"But Mom," I whined. "I want to finish my drawing." I was in the middle of a Georges Seurat pointillism phase and had been busily hammering a piece of paper with colored pencils.
I recall this very distinctly.
Mom shrugged and put her hands in the air like she just didn't care. Next thing I knew I was out on the front porch with my sketchpad and no pencils staring at the door. Click.
"That was a very strange thing for an Art major to do to her kid," said Tom. "What'd she suggest you do instead? Go find your brother and dress him up in a leotard?"
|My brother, dressed in a leotard.|
Maybe, I mused. Either that or spend a pleasant afternoon brawling with the boys up the street, which is how I spent half my childhood.
My mother was completely unconcerned that they had BB guns and all we had were these ghetto guns my Pop taught us how to make out of 2x2s and rubber bands. Ammo were those hard little plastic tags from unopened bags of hotdog buns and Wonderbread. We'd skulk around Miller's Grocery and harvest a shelf's worth of firepower down the baked goods aisle.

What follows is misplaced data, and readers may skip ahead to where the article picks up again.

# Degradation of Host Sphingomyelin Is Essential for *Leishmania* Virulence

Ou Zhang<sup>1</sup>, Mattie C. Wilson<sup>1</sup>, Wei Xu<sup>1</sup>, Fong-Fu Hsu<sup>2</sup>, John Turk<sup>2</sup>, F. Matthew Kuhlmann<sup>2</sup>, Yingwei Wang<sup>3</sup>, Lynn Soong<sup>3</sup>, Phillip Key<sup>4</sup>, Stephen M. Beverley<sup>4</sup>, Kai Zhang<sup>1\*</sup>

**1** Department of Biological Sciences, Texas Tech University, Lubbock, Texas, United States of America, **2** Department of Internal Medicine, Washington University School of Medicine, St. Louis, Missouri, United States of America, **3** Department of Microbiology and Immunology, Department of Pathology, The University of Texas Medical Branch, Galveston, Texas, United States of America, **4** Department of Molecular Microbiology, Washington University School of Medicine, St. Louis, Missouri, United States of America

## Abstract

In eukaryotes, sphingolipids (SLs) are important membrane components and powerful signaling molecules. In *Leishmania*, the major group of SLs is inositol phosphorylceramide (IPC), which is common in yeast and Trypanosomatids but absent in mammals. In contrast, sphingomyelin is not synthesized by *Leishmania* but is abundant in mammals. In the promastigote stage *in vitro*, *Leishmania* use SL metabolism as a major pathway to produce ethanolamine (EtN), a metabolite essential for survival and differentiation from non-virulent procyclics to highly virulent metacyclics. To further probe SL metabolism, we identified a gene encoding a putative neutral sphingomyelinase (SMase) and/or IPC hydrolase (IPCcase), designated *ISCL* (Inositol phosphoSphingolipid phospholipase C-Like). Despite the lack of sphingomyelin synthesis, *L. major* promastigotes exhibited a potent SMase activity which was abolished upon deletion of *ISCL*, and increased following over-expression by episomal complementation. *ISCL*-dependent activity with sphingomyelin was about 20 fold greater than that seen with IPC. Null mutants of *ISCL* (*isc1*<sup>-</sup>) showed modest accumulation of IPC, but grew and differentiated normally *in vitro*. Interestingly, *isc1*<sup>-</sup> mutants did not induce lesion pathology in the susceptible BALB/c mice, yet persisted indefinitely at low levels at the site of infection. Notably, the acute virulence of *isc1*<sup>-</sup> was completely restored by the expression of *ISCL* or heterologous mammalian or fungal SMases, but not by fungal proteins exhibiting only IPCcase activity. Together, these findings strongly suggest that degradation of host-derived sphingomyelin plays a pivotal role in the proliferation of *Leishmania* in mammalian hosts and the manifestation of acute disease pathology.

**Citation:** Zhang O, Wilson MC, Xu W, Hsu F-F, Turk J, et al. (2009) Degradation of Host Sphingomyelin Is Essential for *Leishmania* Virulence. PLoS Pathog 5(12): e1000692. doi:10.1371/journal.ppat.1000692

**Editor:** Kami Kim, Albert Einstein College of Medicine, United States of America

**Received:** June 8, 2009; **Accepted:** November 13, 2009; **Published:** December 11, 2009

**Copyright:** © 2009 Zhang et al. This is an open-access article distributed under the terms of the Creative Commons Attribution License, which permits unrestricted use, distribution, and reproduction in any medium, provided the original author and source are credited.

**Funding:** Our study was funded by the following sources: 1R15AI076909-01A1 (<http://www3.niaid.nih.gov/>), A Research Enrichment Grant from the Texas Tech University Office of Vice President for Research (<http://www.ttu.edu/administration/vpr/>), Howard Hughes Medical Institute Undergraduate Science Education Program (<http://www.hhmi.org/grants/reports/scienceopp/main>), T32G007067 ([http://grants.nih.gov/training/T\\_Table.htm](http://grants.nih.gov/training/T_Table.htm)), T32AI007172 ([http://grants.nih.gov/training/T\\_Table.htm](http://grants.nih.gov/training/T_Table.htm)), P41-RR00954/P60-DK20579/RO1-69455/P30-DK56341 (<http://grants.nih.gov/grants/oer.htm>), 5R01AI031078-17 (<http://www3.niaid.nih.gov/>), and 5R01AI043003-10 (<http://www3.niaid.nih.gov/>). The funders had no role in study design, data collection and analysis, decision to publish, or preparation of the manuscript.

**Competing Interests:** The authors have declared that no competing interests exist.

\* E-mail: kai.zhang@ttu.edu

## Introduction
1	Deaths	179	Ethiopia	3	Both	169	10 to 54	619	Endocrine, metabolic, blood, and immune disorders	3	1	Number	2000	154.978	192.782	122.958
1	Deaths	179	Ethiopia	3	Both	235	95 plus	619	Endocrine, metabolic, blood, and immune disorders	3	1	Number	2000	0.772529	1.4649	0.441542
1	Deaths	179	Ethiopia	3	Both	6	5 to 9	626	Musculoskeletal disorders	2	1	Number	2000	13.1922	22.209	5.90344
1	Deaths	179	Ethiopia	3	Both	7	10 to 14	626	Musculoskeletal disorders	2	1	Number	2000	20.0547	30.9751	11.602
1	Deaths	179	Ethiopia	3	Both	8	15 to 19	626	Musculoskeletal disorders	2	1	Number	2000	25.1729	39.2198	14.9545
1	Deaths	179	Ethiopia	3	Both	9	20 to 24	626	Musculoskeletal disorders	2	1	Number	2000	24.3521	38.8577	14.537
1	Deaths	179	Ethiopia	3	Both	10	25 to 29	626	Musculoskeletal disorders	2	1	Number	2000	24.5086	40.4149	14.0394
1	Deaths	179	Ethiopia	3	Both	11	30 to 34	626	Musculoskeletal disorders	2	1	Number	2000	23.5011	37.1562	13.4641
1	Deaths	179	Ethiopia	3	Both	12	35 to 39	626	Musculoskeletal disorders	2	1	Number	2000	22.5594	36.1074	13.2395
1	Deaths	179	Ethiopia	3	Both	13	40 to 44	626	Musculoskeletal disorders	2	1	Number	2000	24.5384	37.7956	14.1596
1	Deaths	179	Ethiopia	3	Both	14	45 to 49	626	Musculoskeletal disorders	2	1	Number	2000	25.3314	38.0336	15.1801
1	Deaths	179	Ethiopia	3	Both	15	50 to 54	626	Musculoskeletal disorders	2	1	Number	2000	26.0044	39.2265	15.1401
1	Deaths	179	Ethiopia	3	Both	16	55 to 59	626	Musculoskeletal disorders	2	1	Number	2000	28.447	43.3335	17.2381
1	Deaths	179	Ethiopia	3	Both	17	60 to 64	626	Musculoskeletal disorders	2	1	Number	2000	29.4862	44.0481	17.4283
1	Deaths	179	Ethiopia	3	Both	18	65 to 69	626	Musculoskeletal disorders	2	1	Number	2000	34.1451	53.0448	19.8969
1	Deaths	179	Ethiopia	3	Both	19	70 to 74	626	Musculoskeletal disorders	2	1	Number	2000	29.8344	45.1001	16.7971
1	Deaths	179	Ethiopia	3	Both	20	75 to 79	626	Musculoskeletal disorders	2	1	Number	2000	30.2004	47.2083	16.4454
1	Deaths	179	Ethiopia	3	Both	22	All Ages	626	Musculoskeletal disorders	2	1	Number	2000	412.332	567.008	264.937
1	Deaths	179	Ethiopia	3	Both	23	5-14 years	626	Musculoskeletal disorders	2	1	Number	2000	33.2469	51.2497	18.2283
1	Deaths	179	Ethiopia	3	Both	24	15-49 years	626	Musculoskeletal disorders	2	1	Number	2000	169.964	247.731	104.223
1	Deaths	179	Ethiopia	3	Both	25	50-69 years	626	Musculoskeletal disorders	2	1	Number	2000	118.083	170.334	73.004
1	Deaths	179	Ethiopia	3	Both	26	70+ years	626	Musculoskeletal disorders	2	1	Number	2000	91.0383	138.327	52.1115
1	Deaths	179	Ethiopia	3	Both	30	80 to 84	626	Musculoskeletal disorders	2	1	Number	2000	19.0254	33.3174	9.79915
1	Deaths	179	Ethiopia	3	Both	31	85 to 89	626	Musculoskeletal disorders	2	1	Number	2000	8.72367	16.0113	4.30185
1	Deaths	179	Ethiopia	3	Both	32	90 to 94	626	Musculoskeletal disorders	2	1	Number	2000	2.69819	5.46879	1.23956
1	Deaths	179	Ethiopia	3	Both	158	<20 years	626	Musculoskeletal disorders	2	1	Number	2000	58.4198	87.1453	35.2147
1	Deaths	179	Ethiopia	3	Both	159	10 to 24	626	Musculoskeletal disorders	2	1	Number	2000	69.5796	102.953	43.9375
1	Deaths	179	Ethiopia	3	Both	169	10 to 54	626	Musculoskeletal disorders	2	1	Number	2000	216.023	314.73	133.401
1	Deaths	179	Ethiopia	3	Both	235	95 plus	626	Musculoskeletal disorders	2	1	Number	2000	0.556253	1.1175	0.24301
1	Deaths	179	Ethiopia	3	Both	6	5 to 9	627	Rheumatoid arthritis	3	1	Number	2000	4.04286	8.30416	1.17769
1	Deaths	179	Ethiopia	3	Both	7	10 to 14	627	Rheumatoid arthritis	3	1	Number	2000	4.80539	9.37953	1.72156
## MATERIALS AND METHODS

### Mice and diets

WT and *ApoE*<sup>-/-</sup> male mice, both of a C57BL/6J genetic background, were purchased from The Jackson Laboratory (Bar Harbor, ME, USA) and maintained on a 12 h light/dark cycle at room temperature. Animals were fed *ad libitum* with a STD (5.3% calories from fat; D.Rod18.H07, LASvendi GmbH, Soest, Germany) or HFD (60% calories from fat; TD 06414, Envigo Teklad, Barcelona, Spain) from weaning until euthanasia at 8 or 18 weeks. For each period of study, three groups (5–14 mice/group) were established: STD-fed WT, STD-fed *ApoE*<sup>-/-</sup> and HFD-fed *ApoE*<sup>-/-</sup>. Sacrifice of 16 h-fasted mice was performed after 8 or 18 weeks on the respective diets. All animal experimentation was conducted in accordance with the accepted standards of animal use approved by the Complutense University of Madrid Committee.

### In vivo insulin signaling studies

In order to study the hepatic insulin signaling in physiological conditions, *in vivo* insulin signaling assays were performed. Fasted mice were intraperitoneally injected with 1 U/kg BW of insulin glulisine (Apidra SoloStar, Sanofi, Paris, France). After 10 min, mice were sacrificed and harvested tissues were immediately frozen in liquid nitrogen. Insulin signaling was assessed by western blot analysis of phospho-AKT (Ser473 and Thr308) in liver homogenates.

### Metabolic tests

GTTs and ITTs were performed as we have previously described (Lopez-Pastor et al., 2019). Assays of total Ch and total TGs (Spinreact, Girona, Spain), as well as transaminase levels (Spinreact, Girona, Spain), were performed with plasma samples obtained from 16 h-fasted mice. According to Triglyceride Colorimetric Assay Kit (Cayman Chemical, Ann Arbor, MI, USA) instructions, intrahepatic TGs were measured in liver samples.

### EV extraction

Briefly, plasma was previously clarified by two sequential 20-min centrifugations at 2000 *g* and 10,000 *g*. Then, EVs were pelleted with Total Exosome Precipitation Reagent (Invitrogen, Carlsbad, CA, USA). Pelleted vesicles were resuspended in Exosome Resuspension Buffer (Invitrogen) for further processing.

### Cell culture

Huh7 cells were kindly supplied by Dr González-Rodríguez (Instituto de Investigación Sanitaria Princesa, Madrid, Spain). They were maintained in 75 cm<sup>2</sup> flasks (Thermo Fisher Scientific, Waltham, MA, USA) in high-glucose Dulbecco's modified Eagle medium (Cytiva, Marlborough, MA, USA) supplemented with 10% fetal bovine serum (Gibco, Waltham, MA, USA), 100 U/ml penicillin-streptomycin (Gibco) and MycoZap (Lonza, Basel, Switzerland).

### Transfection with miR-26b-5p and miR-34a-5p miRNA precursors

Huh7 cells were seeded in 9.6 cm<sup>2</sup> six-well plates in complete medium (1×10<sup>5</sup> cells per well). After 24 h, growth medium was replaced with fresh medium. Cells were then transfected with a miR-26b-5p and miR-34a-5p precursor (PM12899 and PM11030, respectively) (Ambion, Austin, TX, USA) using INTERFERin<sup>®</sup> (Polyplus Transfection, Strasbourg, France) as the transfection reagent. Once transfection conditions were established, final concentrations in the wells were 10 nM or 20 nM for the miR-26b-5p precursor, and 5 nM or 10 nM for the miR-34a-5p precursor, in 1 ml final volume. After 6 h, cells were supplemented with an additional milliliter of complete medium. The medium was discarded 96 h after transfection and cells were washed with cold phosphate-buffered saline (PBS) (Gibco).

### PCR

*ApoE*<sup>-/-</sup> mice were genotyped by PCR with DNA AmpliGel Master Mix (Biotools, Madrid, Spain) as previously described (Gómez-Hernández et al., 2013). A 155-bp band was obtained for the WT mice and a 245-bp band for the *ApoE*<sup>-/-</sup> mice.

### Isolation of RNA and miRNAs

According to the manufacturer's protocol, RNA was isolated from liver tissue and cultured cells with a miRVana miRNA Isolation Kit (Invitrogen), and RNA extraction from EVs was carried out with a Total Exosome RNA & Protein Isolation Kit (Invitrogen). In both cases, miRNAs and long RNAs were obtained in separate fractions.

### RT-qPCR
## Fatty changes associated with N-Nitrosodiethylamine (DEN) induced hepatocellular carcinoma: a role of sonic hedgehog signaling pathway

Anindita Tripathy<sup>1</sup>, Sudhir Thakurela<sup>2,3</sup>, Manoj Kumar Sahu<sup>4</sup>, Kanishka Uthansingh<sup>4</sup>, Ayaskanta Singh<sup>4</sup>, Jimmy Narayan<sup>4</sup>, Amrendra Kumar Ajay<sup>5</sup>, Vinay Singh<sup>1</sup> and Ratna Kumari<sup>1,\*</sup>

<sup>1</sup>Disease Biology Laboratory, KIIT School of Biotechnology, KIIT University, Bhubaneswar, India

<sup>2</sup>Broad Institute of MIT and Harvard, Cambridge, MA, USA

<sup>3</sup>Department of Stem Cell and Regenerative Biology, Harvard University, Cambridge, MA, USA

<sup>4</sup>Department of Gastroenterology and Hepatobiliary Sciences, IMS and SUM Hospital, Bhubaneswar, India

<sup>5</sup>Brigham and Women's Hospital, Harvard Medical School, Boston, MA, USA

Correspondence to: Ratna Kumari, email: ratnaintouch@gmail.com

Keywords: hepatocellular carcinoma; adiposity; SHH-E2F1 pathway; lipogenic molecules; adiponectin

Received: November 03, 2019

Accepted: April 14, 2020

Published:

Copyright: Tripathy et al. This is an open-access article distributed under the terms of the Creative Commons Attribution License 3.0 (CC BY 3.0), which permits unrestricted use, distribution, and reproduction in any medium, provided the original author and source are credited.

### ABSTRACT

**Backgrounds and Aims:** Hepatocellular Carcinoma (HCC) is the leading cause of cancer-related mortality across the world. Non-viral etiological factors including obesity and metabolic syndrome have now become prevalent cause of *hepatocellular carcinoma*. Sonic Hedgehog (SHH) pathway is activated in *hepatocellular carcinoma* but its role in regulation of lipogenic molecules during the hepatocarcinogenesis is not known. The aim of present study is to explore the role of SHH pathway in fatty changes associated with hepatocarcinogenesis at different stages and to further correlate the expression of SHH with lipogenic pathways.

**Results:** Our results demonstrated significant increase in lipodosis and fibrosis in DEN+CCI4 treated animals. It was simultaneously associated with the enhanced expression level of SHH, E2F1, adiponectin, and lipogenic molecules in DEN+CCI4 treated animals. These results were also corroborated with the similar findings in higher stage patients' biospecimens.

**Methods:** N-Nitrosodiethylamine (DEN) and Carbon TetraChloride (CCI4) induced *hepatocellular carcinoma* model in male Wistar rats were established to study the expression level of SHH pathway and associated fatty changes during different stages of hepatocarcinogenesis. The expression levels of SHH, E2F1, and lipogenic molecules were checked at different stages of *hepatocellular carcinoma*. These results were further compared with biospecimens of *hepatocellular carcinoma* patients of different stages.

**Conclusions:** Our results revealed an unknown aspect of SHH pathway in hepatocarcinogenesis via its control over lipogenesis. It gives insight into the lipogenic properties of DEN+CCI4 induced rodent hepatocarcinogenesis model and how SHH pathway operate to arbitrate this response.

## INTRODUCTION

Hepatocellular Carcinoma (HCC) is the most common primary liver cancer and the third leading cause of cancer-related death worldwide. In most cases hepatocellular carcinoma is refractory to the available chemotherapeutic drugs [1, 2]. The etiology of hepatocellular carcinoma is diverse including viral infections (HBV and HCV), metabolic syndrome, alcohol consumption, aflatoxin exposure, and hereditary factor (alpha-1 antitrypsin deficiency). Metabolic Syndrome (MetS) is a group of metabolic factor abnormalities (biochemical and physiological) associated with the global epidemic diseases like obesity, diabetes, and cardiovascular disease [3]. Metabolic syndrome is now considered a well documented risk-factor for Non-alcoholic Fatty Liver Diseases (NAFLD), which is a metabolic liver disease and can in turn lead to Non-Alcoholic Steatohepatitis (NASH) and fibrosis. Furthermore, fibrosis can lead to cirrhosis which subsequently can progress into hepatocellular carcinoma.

Also a wholesome activity far superior to quietly drawing in my bedroom.
"She probably did you a favor," said Tom. "If you'd gotten any good at art, you'd be one of those poor starving MFAs."
"And instead I got good at duking it out with boys..." I said, before I realized this explains most of my career.